1. Sometimes you’ll say “buen camino” when you really mean “go to hell.”
Buen-effing-Camino to the bicyclists who zoom by and nearly clip your elbow, to the tour bus companies, and to all the pilgrims who act like the Camino is a competitive race or turn the dorm room lights on at five in the morning.
2. You’ll hate walking.
Not always, but often by the last five kilometers of a day you’ll curse your shoes, the rocks, the world, and your nonexistent-long-lost wealthy uncle. This outburst of anger magically dissipates once you stop walking and sit with friends around the dinner table. Then, like forgetting the pains of childbirth, you wake up the next day with smiles and do it all over again.
3. Your new favorite meal of the day will be second breakfast.
You’ll eat five meals a day and still wonder why you’re not losing weight.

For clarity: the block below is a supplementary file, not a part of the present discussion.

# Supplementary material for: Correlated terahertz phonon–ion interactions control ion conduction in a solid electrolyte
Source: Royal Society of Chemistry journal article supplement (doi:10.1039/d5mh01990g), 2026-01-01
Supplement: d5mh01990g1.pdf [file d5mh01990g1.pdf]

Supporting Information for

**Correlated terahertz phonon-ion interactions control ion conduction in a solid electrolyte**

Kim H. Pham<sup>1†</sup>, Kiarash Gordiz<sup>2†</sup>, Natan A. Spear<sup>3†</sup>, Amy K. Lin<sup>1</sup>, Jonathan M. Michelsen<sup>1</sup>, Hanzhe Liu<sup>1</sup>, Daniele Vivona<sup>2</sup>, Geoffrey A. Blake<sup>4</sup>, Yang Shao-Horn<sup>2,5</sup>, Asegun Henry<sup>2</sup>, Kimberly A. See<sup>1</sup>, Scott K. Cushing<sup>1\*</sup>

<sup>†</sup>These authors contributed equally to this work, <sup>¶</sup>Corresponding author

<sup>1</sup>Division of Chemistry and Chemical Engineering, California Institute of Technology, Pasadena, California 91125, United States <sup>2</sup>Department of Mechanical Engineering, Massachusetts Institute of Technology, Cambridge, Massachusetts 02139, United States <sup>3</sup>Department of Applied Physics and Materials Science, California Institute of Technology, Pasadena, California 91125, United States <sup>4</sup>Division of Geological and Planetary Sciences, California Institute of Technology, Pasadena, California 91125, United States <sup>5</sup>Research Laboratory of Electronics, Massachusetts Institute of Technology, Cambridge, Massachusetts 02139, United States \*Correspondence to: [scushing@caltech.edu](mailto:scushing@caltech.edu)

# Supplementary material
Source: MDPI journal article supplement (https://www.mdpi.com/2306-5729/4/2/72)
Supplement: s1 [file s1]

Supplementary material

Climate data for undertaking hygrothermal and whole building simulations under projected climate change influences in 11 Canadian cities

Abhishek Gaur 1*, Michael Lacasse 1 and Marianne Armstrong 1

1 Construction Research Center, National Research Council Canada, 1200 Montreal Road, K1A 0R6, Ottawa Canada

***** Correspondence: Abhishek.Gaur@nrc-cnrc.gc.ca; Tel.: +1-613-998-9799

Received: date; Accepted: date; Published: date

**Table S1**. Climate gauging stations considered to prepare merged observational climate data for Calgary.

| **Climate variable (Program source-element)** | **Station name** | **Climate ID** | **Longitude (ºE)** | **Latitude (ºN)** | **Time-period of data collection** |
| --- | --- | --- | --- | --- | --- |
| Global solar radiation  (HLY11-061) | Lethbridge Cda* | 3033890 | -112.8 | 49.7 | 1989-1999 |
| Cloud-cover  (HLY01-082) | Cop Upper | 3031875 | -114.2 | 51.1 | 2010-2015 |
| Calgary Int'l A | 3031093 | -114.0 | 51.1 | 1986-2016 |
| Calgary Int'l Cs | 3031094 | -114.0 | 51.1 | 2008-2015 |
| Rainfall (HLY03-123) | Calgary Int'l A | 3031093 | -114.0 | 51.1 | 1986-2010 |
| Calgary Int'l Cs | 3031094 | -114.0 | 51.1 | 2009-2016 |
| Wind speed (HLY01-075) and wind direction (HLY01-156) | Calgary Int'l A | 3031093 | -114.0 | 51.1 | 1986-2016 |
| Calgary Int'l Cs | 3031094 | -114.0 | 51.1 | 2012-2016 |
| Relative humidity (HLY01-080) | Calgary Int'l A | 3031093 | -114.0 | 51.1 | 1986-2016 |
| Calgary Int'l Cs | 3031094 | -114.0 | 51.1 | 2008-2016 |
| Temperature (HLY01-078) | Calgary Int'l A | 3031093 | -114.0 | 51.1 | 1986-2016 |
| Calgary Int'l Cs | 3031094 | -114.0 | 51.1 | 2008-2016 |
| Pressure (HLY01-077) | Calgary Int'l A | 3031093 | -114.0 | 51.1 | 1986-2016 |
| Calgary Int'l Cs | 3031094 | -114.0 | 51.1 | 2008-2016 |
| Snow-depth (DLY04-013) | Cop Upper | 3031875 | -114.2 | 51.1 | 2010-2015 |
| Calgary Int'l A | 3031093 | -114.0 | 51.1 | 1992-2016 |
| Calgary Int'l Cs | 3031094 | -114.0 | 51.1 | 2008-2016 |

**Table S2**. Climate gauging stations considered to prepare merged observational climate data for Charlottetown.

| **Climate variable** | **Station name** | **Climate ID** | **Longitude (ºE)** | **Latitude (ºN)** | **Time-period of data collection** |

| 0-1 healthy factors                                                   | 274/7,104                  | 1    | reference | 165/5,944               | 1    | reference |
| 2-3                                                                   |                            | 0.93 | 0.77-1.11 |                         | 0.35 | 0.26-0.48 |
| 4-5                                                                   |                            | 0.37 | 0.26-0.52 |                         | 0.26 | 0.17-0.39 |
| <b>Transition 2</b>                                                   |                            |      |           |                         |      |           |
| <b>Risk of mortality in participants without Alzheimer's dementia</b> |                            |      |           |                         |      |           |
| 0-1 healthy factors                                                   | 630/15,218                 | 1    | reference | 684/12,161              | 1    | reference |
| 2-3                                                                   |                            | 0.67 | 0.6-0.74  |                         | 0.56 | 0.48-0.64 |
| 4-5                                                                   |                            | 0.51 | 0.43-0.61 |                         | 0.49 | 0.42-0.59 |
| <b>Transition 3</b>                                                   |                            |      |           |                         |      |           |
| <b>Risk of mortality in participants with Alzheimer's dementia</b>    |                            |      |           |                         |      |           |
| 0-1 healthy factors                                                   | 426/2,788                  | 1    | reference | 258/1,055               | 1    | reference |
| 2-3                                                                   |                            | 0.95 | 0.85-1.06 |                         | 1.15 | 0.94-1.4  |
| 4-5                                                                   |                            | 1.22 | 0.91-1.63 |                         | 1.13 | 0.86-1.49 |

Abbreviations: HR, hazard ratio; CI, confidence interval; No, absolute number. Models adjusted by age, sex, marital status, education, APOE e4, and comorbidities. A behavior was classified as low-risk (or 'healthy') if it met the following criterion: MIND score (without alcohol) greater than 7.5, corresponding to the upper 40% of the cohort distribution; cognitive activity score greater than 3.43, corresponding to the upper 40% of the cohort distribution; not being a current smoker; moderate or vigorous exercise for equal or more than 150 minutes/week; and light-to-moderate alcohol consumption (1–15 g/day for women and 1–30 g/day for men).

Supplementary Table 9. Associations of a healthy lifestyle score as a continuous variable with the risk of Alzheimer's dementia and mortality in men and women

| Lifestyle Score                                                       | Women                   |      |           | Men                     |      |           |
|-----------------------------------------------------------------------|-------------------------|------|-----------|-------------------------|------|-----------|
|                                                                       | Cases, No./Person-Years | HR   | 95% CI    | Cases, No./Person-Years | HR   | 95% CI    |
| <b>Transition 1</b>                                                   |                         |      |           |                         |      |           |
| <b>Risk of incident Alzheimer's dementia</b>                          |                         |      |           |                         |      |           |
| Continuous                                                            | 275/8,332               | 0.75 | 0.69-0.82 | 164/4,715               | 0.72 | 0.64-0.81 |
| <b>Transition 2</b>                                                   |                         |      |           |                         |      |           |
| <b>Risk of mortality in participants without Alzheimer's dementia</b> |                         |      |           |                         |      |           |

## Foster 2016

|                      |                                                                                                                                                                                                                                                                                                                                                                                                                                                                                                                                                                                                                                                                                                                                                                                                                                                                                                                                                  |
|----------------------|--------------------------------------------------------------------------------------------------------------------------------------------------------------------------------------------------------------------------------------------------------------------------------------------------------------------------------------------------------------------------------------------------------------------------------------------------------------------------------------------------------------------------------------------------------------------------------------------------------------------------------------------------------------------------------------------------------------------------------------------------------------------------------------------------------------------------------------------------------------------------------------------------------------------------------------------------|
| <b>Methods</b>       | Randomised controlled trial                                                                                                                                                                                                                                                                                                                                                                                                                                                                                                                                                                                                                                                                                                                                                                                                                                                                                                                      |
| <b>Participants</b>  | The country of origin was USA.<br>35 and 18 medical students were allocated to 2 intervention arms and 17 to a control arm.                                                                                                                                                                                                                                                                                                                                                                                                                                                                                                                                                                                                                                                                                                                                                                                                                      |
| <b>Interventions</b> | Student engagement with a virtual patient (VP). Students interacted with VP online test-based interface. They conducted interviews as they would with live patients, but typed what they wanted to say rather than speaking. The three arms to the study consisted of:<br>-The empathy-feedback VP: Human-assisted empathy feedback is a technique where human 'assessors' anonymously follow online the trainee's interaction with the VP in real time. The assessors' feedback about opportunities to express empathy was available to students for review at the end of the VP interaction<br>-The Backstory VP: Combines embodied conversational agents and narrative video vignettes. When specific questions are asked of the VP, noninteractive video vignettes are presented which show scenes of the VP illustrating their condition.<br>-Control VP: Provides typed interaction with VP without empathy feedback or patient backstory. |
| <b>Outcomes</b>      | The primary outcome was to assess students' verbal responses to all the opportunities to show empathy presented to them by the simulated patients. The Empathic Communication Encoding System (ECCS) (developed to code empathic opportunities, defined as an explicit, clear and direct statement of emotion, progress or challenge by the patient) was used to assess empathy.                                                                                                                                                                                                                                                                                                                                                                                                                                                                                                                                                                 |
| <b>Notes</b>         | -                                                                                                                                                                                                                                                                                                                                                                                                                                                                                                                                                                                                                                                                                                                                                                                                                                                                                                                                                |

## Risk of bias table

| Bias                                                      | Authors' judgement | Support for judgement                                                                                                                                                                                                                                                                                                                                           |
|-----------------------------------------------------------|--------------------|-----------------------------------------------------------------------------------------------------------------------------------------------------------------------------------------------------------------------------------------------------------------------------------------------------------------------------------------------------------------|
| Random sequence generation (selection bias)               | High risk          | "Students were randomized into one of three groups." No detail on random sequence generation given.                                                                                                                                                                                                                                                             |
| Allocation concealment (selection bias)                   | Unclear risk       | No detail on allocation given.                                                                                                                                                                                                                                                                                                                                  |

4. You’ll have a goal to keep all your toenails.
Most pilgrims end up experiencing purple, bruised toenails, but only some of us will have to watch them fall off.
5. Vino tinto and café con leche will fuel you.
I require a pre-walk coffee to hike to my first real coffee so I can get to the next coffee after that. To reward myself I drink up bottles of cheap vino tinto with friends and walk off hangovers the next day in a few hours (provided I have my coffee).
6. You’ll be in denial when you lose control of your bladder.
Most people are familiar with the urgent feeling of having to drop pants on the trail and the frantic lookout for tree cover that ensues when hiking, but usually not every thirty minutes. Having a ‘Camino bladder’ guarantees some accidents—and yes, getting it on your shoe counts as an accident. And let’s just say I have ‘this friend’ who peed her pants in the middle of a bustling street in Burgos without warning.
7. You’ll start stealing toilet paper.
I never thought it would come to this, but nabbing a whole toilet paper roll from an albergue hostel or taking a wad from one of the bars along the way seems necessary to account for said-unpredictable bladder.